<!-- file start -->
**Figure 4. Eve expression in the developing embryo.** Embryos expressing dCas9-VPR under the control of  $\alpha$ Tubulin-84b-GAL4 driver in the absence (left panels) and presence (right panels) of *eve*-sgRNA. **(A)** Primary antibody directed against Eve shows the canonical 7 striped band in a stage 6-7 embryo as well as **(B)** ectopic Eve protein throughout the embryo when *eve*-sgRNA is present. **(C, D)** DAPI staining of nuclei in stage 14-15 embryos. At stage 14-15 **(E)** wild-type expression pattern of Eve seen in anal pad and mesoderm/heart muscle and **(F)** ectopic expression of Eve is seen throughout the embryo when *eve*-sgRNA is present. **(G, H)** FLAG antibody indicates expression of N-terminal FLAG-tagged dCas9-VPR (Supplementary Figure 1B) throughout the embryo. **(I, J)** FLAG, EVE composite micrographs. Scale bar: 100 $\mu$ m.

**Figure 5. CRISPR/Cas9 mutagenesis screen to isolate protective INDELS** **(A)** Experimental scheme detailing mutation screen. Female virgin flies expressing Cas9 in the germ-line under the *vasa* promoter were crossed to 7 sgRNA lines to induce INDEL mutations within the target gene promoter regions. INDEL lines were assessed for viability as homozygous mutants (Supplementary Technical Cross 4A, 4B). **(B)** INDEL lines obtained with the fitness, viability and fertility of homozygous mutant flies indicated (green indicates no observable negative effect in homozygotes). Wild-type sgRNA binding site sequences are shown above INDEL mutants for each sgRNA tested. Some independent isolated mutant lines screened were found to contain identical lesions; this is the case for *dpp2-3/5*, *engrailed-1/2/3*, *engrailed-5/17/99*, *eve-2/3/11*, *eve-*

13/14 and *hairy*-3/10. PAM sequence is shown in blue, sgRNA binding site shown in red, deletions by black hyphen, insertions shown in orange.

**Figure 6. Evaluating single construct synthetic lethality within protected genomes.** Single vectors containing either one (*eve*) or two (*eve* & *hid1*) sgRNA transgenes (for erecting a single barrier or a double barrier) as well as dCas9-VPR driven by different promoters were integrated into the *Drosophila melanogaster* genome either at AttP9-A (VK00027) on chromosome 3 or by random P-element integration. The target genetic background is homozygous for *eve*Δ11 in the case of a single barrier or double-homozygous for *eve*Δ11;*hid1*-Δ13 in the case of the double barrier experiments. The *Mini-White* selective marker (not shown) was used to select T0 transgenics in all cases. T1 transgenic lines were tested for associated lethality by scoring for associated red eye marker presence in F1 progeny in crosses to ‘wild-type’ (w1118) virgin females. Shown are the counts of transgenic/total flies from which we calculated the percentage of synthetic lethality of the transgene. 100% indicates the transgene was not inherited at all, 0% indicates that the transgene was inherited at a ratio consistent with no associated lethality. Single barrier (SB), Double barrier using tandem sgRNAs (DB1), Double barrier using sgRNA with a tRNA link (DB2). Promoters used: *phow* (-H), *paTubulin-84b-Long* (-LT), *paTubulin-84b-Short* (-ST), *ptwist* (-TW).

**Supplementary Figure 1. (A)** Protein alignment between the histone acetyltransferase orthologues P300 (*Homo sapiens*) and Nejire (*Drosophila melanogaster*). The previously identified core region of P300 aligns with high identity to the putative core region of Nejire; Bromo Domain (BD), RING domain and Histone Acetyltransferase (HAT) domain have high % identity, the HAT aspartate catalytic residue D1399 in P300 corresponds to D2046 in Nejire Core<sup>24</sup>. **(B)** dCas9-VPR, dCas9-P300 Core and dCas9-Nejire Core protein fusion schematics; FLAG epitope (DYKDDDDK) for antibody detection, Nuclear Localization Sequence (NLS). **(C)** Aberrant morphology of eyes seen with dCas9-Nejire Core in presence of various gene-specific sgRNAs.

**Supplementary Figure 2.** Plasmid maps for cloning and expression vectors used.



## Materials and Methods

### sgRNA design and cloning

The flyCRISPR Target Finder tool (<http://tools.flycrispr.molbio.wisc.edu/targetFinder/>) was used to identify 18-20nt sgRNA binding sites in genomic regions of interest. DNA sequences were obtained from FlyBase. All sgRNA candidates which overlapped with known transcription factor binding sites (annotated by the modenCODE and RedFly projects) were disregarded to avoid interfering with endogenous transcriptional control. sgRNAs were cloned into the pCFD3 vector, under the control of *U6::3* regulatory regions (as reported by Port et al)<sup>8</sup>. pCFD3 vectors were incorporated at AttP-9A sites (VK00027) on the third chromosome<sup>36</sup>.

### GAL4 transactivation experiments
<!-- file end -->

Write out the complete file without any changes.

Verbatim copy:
**Figure 4. Eve expression in the developing embryo.** Embryos expressing dCas9-VPR under the control of  $\alpha$ Tubulin-84b-GAL4 driver in the absence (left panels) and presence (right panels) of *eve*-sgRNA. **(A)** Primary antibody directed against Eve shows the canonical 7 striped band in a stage 6-7 embryo as well as **(B)** ectopic Eve protein throughout the embryo when *eve*-sgRNA is present. **(C, D)** DAPI staining of nuclei in stage 14-15 embryos. At stage 14-15 **(E)** wild-type expression pattern of Eve seen in anal pad and mesoderm/heart muscle and **(F)** ectopic expression of Eve is seen throughout the embryo when *eve*-sgRNA is present. **(G, H)** FLAG antibody indicates expression of N-terminal FLAG-tagged dCas9-VPR (Supplementary Figure 1B) throughout the embryo. **(I, J)** FLAG, EVE composite micrographs. Scale bar: 100 $\mu$ m.

**Figure 5. CRISPR/Cas9 mutagenesis screen to isolate protective INDELS** **(A)** Experimental scheme detailing mutation screen. Female virgin flies expressing Cas9 in the germ-line under the *vasa* promoter were crossed to 7 sgRNA lines to induce INDEL mutations within the target gene promoter regions. INDEL lines were assessed for viability as homozygous mutants (Supplementary Technical Cross 4A, 4B). **(B)** INDEL lines obtained with the fitness, viability and fertility of homozygous mutant flies indicated (green indicates no observable negative effect in homozygotes). Wild-type sgRNA binding site sequences are shown above INDEL mutants for each sgRNA tested. Some independent isolated mutant lines screened were found to contain identical lesions; this is the case for *dpp2-3/5*, *engrailed-1/2/3*, *engrailed-5/17/99*, *eve-2/3/11*, *eve-*

13/14 and *hairy*-3/10. PAM sequence is shown in blue, sgRNA binding site shown in red, deletions by black hyphen, insertions shown in orange.

**Figure 6. Evaluating single construct synthetic lethality within protected genomes.** Single vectors containing either one (*eve*) or two (*eve* & *hid1*) sgRNA transgenes (for erecting a single barrier or a double barrier) as well as dCas9-VPR driven by different promoters were integrated into the *Drosophila melanogaster* genome either at AttP9-A (VK00027) on chromosome 3 or by random P-element integration. The target genetic background is homozygous for *eve*Δ11 in the case of a single barrier or double-homozygous for *eve*Δ11;*hid1*-Δ13 in the case of the double barrier experiments. The *Mini-White* selective marker (not shown) was used to select T0 transgenics in all cases. T1 transgenic lines were tested for associated lethality by scoring for associated red eye marker presence in F1 progeny in crosses to ‘wild-type’ (w1118) virgin females. Shown are the counts of transgenic/total flies from which we calculated the percentage of synthetic lethality of the transgene. 100% indicates the transgene was not inherited at all, 0% indicates that the transgene was inherited at a ratio consistent with no associated lethality. Single barrier (SB), Double barrier using tandem sgRNAs (DB1), Double barrier using sgRNA with a tRNA link (DB2). Promoters used: *phow* (-H), *paTubulin-84b-Long* (-LT), *paTubulin-84b-Short* (-ST), *ptwist* (-TW).

**Supplementary Figure 1. (A)** Protein alignment between the histone acetyltransferase orthologues P300 (*Homo sapiens*) and Nejire (*Drosophila melanogaster*). The previously identified core region of P300 aligns with high identity to the putative core region of Nejire; Bromo Domain (BD), RING domain and Histone Acetyltransferase (HAT) domain have high % identity, the HAT aspartate catalytic residue D1399 in P300 corresponds to D2046 in Nejire Core<sup>24</sup>. **(B)** dCas9-VPR, dCas9-P300 Core and dCas9-Nejire Core protein fusion schematics; FLAG epitope (DYKDDDDK) for antibody detection, Nuclear Localization Sequence (NLS). **(C)** Aberrant morphology of eyes seen with dCas9-Nejire Core in presence of various gene-specific sgRNAs.

**Supplementary Figure 2.** Plasmid maps for cloning and expression vectors used.



## Materials and Methods

### sgRNA design and cloning

The flyCRISPR Target Finder tool (<http://tools.flycrispr.molbio.wisc.edu/targetFinder/>) was used to identify 18-20nt sgRNA binding sites in genomic regions of interest. DNA sequences were obtained from FlyBase. All sgRNA candidates which overlapped with known transcription factor binding sites (annotated by the modenCODE and RedFly projects) were disregarded to avoid interfering with endogenous transcriptional control. sgRNAs were cloned into the pCFD3 vector, under the control of *U6::3* regulatory regions (as reported by Port et al)<sup>8</sup>. pCFD3 vectors were incorporated at AttP-9A sites (VK00027) on the third chromosome<sup>36</sup>.

### GAL4 transactivation experiments